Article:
The last paragraph above says that the difference in time from when the back seat fires until the front seat fires is .85 seconds.

One Second – the Difference Between Life and Death

When I was in F-4 RTU (replacement training unit) in 1971 – 1972 at Luke AFB, Arizona, learning how to fly the Phantom there was a tragic F-4 accident on the Gila Bend bombing range.  Two students were in an F-4 doing practice dive bombing (probably 30% dive angle, but it could have been 45%, both of which were common dive angles).  The pilot rolled in to drop his practice bomb, but he was too steep.  Both the flight leader and the range control officer warned the pilot on the radio that he was too steep.

The time between roll in and pull up is between 5 – 10 seconds depending on the dive angle, the roll in altitude and the release altitude of the particular bomb.  There is little margin for error when the airplane is screaming toward the earth at 450 knots in a 30% dive bomb.  At some point in the dive the altitude needed to recover the airplane without hitting the ground becomes more than the airplane’s altitude over the ground.  When that happens the crew will either die or eject with the possibility of death or serious injury.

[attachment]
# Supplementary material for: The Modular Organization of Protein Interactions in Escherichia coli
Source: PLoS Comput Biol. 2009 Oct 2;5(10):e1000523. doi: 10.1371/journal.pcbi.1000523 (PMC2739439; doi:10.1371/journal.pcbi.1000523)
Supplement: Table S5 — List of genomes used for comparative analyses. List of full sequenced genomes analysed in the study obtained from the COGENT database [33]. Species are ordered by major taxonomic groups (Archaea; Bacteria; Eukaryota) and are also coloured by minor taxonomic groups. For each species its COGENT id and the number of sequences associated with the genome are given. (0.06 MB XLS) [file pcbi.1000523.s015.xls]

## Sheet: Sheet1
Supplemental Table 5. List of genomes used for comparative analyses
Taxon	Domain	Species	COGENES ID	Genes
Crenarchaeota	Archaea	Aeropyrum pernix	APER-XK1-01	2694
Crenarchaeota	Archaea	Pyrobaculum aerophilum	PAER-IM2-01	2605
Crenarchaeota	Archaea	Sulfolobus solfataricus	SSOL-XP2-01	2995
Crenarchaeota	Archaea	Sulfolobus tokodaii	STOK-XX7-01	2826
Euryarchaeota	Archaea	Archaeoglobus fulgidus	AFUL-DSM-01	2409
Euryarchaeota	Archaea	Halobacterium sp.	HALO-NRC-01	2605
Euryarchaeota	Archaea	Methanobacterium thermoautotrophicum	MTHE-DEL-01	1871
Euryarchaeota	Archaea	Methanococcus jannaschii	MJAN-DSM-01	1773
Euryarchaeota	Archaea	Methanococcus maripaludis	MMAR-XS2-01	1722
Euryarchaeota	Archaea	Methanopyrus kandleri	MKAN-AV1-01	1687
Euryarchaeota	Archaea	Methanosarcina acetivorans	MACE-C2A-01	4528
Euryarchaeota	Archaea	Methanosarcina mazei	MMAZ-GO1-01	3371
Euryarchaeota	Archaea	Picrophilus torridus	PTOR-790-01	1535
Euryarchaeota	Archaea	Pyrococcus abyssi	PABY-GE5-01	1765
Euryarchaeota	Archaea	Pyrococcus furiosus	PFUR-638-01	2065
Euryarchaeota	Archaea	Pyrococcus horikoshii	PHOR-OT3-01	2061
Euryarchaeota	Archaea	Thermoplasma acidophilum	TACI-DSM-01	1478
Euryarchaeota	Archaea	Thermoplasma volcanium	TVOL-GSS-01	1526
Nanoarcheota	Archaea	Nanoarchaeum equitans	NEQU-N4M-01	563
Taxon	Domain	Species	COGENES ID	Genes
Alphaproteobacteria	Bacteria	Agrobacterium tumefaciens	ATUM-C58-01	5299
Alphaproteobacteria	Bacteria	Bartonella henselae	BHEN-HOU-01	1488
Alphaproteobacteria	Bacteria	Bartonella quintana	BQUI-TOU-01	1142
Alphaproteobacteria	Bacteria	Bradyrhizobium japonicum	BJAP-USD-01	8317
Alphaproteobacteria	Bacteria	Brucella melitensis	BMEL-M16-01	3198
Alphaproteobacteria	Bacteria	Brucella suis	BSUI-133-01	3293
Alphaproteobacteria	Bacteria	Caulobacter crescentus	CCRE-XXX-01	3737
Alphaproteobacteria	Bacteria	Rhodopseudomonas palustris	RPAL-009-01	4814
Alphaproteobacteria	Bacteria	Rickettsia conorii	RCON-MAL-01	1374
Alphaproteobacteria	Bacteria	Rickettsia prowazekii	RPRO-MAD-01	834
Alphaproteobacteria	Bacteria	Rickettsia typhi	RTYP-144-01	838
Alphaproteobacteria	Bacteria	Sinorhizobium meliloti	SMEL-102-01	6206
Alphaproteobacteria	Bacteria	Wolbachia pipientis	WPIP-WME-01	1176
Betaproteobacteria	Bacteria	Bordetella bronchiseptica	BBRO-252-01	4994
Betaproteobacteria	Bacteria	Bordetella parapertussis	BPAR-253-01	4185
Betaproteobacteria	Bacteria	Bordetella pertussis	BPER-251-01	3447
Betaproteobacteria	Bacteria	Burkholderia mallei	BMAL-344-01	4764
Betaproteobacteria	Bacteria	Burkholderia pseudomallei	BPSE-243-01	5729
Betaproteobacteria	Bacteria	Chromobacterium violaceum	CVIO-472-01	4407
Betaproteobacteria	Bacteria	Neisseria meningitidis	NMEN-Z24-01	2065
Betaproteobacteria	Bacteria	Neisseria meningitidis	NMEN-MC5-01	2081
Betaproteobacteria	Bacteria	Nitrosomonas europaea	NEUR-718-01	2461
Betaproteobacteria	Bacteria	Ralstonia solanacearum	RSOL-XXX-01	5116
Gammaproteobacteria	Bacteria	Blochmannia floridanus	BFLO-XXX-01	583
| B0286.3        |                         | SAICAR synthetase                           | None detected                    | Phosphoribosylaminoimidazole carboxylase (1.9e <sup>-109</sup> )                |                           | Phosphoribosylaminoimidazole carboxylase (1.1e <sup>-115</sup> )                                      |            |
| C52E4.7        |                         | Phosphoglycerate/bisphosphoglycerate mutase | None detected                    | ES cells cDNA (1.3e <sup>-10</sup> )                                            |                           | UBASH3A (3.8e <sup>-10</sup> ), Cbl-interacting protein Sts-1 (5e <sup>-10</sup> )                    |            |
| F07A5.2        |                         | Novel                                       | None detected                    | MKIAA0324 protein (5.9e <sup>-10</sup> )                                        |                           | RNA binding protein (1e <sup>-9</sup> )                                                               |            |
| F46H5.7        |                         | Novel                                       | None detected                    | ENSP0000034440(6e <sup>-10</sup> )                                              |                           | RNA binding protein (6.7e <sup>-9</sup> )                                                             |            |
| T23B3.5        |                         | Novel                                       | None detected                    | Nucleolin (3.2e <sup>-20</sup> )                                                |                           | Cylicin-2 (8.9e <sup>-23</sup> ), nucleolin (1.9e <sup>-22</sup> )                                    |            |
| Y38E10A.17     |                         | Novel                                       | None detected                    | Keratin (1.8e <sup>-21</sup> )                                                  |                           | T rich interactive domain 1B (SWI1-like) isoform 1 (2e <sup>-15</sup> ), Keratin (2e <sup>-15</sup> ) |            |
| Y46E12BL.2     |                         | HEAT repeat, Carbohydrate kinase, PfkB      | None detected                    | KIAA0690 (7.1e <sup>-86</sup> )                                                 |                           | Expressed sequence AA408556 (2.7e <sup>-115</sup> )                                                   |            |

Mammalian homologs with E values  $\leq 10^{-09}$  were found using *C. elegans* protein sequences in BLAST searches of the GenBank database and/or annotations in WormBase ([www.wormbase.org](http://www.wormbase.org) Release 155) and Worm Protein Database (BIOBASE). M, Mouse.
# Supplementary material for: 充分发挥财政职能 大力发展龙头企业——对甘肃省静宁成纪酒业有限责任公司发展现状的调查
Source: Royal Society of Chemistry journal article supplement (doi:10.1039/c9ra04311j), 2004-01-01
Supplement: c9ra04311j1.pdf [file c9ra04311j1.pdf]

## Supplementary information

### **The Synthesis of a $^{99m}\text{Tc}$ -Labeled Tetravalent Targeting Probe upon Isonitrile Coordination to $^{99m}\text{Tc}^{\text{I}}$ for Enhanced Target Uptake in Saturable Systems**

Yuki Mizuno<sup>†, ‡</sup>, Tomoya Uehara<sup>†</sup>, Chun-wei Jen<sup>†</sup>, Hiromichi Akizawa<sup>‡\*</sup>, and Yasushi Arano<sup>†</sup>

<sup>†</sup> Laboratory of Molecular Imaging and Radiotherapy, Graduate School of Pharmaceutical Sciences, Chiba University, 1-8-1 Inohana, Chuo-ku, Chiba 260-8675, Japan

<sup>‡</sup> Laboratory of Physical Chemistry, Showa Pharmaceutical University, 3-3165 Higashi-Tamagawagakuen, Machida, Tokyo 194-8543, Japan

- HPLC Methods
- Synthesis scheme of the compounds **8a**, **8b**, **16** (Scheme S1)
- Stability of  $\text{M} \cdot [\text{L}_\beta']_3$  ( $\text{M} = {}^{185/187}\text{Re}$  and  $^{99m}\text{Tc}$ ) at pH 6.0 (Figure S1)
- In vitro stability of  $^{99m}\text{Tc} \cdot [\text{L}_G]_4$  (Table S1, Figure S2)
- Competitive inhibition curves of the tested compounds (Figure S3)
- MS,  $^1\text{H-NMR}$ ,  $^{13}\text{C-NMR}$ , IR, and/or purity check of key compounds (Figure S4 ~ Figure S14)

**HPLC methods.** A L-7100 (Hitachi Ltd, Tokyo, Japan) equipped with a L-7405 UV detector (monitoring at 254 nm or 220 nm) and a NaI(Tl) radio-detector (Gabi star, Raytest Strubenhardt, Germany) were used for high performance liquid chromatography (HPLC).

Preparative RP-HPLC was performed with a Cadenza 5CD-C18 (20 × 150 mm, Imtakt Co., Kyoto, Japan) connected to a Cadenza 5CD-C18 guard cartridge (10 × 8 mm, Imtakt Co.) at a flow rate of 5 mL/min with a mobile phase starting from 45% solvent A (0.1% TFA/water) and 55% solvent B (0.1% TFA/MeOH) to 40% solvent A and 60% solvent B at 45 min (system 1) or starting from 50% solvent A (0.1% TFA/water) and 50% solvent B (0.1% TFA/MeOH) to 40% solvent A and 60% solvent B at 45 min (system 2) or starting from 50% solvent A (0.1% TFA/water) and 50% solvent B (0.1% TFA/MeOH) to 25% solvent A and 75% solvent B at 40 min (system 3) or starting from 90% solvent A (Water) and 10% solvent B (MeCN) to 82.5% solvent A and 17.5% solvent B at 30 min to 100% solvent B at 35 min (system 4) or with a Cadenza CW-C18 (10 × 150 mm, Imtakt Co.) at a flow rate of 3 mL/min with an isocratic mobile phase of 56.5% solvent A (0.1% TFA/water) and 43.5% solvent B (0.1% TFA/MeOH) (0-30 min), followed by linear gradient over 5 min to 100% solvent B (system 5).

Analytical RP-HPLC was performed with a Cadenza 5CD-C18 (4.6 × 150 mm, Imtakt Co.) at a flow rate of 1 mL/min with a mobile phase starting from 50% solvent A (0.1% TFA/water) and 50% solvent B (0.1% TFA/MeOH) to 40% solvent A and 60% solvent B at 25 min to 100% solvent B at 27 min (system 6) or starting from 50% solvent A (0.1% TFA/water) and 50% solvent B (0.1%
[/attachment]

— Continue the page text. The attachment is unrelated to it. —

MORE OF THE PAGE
Either or both the flight leader or the range office recognized the students’ F-4 could not avoid hitting the ground and yelled over the radio for the crew to eject.  It was obvious to those watching the diving airplane that it was going to crash.  I don’t recall who initiated the ejection, but both ejection seats fired.  The backseater lived and the frontseater died when he hit the ground before his parachute opened.  Had the ejection sequence been intiated ONE SECOND EARLIER, the frontseater would have lived.

Flying Fighters Was/Is Dangerous